- www.humantrafficking.org In some cases of extreme destitution, children are even contracted out by their parents. There is a blind beggar in Puerto Igazú, for example, who walks the streets hand-in-hand with a seven year-old girl. He makes his living by renting her out for sex.

- www.humantrafficking.org For example:

Trying to support a nine-year old daughter back home, Benito followed a
brother who had found work at the brick kilns at Transcameta in the Brazilian Amazon. Promised adequate pay, he was deceived into working for
an employer who did not pay him, but rather assigned him an ever growing debt for food and lodging costs not previously disclosed. He toiled six days a week and couldn’t afford to leave, since he didn’t have enough money to get
back to his home 500 miles away. Benito and the other slave laborers were not paid anything for months. He was afraid he wouldn’t see any wages at all if he left. Benito lived next to the brick kilns in a shack with no ventilation, running
water, or electricity. He contracted malaria from the mosquitoes that swarmed the camp

- Dept. of State, "Trafficking in Persons Report" (2006) So what's being done? In Brazil, the ILO "will contribute to combating trafficking in persons through a more effective law enforcement response and through an increase in the capacity of public and civil society organizations, at the Federal, state and municipal levels, to enforce the law and implement anti-trafficking in persons policies and programs"

- Special Action Programme to combat Forced Labour, International Labour Organization The Organization of American States has "organized, facilitated, and implemented training programs, promoted anti-trafficking policies, and provided opportunities for the exchange of information and best practices to assist member states in their anti-TIP efforts"

- Trafficking in Persons in Latin America and the Caribbean, Congressional Research Service "Over the last year, the government increased efforts to punish internal and transnational sex trafficking and took several measures to address forced labor," but prosecutions remained lacking.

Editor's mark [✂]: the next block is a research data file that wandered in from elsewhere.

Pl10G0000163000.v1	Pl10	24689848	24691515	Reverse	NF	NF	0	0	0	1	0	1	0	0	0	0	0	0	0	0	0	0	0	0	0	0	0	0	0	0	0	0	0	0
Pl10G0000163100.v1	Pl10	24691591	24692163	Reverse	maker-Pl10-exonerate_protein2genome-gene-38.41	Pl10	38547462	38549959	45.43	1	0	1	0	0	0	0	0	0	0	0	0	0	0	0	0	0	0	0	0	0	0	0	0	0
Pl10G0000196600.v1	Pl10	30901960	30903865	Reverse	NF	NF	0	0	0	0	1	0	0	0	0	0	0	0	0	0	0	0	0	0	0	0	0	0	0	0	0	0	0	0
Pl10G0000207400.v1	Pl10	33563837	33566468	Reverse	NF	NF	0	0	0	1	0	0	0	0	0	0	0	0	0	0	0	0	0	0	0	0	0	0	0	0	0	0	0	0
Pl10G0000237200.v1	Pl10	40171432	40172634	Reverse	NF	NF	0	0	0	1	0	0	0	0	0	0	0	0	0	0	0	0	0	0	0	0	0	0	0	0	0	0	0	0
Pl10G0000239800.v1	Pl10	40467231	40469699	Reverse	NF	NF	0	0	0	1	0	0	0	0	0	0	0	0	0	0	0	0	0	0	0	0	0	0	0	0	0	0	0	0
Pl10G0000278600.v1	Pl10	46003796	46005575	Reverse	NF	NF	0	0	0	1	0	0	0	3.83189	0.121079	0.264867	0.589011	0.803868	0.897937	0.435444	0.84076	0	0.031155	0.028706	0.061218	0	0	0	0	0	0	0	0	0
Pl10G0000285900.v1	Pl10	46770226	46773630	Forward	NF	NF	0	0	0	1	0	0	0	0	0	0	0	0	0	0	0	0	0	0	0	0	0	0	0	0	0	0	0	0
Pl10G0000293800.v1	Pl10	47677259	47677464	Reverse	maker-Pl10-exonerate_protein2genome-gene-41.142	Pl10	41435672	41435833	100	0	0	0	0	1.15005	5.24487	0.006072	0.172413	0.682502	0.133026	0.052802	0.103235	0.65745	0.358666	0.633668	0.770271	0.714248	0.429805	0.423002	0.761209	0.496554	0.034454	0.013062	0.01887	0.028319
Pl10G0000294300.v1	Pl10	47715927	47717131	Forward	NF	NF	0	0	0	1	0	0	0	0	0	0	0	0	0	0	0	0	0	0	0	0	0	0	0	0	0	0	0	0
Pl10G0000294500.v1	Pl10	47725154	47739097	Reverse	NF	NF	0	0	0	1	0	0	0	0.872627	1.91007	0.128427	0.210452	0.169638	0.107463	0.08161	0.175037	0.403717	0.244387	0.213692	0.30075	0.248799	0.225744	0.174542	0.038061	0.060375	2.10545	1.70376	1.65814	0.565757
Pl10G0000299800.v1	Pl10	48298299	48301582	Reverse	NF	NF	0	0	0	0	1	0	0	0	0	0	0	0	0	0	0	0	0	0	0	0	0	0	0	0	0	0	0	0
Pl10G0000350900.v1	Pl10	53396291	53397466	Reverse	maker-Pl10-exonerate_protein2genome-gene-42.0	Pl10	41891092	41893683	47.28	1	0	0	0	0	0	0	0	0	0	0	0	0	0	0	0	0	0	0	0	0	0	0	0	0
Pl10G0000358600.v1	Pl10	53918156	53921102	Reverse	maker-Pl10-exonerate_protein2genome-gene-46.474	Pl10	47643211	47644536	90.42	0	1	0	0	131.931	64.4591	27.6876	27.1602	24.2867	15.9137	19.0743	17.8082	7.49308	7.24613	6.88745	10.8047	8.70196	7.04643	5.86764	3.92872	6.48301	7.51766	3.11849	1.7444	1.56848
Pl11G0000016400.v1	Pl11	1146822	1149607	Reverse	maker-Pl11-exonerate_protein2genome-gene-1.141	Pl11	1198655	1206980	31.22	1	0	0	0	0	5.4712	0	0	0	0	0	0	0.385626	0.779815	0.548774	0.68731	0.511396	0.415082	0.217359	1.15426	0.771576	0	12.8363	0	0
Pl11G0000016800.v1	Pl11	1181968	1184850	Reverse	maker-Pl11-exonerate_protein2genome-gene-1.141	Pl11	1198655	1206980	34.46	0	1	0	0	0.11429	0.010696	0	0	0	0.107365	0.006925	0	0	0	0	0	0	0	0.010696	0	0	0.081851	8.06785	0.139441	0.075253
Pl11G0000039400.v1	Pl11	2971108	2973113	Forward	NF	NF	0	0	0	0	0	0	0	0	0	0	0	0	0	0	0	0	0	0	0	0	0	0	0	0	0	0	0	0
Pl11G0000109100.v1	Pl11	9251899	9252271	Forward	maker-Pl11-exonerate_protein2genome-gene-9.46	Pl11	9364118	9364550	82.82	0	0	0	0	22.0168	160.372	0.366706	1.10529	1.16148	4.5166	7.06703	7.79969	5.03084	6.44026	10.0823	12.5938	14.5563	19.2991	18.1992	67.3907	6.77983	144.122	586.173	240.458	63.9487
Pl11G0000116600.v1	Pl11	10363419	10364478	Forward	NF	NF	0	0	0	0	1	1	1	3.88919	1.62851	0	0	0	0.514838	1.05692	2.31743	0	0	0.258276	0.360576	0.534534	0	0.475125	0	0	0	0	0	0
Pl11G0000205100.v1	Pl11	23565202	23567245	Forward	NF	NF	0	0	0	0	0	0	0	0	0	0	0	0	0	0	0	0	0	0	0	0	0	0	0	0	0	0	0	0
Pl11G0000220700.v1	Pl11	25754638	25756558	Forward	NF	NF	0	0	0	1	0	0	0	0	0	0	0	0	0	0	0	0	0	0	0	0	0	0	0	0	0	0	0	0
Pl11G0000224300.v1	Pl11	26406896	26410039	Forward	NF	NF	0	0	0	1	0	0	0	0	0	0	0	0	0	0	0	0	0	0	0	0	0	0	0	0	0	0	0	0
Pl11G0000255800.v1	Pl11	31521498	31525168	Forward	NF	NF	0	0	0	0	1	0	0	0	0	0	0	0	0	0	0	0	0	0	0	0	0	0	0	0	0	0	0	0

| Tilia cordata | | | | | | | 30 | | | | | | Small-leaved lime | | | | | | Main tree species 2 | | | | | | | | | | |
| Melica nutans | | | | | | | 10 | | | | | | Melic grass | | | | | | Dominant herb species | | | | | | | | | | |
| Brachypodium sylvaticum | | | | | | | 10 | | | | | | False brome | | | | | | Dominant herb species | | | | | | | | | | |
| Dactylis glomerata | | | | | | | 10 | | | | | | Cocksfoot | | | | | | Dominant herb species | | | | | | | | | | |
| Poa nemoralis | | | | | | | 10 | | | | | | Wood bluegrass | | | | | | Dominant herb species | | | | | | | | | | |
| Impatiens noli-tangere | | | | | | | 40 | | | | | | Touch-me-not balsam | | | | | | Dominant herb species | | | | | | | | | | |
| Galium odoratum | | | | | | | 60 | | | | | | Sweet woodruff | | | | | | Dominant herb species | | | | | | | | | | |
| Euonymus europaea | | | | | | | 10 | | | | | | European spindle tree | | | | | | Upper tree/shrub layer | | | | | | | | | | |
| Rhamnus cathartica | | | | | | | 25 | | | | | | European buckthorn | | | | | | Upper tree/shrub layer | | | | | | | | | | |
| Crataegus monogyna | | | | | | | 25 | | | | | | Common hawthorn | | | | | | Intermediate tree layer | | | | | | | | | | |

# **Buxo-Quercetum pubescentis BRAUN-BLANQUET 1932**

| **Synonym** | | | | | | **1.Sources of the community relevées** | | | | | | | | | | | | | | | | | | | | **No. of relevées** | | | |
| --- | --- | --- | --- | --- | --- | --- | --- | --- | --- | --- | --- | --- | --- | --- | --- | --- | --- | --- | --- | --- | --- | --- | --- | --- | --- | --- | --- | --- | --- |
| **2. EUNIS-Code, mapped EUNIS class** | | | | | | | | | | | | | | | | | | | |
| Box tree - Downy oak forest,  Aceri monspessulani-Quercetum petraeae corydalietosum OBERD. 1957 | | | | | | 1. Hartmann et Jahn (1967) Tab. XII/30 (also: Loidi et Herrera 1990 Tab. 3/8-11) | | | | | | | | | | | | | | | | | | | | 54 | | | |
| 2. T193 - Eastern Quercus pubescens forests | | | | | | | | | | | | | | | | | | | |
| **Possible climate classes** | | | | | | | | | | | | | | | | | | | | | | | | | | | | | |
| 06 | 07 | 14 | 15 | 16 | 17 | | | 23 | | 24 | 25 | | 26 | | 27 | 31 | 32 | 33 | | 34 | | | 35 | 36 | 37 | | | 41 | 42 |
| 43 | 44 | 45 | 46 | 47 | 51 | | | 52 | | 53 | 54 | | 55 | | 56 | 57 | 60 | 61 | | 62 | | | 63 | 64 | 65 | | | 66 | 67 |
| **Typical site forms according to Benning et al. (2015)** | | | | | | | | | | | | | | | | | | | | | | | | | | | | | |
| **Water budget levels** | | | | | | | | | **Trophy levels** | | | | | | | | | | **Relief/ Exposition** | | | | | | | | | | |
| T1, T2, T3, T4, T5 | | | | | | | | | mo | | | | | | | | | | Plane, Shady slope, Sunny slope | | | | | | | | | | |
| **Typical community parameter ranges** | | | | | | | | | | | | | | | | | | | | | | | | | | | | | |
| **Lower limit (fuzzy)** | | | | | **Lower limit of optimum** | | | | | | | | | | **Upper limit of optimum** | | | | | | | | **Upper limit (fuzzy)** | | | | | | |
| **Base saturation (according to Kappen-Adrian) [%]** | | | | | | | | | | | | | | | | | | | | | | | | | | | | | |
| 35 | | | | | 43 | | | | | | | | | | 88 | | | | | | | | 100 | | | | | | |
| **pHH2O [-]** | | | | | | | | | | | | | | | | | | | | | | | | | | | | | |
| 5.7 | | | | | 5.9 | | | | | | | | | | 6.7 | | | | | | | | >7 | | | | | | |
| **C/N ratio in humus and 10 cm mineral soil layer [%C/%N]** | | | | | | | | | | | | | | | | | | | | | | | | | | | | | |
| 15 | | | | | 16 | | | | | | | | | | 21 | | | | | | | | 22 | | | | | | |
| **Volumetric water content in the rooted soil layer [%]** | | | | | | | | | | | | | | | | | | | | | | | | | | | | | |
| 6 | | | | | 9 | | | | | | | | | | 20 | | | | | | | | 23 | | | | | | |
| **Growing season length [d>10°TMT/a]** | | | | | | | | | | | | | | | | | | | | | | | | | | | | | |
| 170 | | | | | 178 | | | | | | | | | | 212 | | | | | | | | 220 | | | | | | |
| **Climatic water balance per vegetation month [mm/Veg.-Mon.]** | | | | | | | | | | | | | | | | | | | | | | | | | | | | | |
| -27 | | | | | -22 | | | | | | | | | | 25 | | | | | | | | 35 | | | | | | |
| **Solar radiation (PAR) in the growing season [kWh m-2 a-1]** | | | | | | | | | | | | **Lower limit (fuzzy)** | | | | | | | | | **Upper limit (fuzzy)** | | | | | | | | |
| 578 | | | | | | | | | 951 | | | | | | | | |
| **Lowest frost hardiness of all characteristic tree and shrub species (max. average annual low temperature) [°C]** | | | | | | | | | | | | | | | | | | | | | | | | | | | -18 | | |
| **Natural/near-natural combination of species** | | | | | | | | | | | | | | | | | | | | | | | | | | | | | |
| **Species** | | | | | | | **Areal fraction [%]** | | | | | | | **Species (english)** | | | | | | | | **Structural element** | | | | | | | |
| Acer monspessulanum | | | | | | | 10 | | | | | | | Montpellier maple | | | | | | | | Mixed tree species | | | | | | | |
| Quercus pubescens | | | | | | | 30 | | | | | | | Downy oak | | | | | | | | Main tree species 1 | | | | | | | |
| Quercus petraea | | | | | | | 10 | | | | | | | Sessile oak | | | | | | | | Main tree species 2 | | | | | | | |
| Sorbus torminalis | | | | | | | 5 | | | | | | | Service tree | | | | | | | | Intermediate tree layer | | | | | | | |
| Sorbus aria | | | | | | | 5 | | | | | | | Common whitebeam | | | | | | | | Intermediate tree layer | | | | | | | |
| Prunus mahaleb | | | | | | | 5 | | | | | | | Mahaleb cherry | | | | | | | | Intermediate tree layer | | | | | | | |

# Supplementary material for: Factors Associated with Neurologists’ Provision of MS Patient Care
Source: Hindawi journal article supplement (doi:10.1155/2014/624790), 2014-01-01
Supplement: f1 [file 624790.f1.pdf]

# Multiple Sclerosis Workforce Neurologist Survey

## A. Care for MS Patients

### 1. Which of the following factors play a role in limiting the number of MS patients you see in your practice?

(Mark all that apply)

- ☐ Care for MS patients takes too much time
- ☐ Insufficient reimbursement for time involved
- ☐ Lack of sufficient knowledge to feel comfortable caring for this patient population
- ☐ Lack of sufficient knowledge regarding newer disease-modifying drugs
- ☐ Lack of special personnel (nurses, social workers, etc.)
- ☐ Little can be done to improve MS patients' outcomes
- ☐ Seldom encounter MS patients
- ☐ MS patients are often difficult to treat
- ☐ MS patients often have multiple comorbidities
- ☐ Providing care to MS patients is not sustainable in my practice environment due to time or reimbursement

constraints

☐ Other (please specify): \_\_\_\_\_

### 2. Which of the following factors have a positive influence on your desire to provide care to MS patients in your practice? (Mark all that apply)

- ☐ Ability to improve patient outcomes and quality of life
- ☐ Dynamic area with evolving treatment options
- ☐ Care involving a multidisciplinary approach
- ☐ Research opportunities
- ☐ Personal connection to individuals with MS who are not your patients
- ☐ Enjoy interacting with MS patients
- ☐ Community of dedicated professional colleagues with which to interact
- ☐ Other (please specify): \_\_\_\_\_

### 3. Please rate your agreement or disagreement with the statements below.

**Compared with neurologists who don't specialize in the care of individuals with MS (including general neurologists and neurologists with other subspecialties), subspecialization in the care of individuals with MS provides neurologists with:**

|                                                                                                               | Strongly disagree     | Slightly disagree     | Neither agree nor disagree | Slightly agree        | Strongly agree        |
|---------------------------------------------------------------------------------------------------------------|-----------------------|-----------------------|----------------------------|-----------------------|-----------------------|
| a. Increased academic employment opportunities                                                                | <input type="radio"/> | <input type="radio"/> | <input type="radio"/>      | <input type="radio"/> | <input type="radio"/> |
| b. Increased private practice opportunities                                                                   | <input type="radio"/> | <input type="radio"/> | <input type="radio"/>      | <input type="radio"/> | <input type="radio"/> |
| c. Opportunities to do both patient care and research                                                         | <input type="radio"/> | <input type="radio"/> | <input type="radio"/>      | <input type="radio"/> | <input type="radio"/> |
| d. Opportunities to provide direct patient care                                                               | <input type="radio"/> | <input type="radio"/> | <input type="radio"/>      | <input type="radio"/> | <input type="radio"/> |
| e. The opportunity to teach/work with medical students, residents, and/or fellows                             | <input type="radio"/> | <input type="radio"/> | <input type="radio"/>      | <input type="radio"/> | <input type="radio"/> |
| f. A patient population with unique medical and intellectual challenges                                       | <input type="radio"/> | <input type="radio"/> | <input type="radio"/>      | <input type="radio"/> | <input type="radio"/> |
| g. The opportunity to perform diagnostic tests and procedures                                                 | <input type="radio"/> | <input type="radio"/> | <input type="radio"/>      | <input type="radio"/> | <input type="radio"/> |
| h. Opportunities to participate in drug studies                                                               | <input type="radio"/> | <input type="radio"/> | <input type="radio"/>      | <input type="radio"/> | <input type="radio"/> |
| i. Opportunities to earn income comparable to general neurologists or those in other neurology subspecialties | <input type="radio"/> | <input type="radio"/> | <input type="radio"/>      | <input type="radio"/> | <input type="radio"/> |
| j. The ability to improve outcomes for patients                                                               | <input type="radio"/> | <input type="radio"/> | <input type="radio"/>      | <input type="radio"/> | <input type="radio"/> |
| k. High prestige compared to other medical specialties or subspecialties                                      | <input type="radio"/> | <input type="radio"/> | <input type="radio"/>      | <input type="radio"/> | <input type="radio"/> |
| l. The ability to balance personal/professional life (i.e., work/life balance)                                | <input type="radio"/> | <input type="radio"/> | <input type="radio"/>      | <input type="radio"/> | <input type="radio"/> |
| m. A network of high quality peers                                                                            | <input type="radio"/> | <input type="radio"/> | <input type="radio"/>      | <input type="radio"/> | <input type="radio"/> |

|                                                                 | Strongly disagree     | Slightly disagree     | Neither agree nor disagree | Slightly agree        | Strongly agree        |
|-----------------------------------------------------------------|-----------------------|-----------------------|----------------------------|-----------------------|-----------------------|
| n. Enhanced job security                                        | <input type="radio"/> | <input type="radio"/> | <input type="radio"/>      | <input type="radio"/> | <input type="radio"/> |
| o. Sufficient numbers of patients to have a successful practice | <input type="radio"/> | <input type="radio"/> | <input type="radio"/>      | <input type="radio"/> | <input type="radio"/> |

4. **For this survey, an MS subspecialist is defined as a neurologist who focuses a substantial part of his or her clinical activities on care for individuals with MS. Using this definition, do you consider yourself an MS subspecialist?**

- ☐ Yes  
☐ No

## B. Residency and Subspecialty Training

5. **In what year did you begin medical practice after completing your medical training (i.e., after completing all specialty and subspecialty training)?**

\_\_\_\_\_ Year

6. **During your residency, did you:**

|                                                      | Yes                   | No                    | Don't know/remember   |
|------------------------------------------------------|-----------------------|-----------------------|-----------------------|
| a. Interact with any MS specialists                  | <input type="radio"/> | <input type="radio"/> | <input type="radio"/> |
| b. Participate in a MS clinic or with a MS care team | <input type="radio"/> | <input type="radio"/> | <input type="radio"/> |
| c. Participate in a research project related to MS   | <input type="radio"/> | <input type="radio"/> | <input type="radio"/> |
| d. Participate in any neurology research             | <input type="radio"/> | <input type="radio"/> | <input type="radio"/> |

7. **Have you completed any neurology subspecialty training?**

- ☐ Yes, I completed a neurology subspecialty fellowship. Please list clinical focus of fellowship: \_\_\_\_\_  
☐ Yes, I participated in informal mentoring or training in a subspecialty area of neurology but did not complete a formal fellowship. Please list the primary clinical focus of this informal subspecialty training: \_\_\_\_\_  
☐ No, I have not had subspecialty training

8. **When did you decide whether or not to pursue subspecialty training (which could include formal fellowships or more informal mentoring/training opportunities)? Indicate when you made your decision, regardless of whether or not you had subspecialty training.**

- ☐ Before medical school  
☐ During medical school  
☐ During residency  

- Dept. of State, Trafficking in Persons Report (2006) First off, Brazil is a Tier 2 country, according to the Dept. of State "Trafficking in Persons Report" (2006 & 2012) This means their government does not fully comply with the TVPA’s (Trafficking Victim's Protection Act) minimum standards but
is making significant efforts to bring itself into compliance with those standards The President "directed the creation of a national plan of action against trafficking for all forms of exploitation, the coordination of governmental anti-trafficking efforts through the Secretariat of Justice, and the dedication of funding for the government’s multi-sectoral anti-trafficking efforts."

-Dept. of State "Trafficking in Persons Report" (2006) Thousands of Brazilian men are subjected to slave labor within the country, often on cattle ranches, logging and mining camps, sugar-cane plantations, and large farms producing corn, cotton, soy, and charcoal, as well as in construction and deforestation. Some children have been identified in slave labor in cattle ranching, deforestation, mining, and agriculture.

- Dept. of State "Trafficking in Persons Report" (2012) In 2001, 2,800 potential trafficking victims were identified BUT only 9 convictions were reported... There was limited public knowledge of the convictions, and in some cases, the perpetrators were sentenced with less than 4 years imprisonment or community service. Resources Humantrafficking.org; http://www.humantrafficking.org/regions/central_and_south_america

International Labor Organization, Combating trafficking in persons in Brazil; http://www.ilo.org/sapfl/Projects/WCMS_082044/lang--en/index.htm

MTVExit, MK Ultra, Muse;

MTVExit, Warning Signs;

Trafficking in Persons in Latin America and the Caribbean (2012), Congressional Research Service; http://www.fas.org/sgp/crs/row/RL33200.pdf

Trafficking in Persons Report (2007), U.S. Department of State

Trafficking in Persons Report (2012), U.S. Department of State; http://www.state.gov/documents/organization/192594.pdf Harare Human Trafficking in Latin America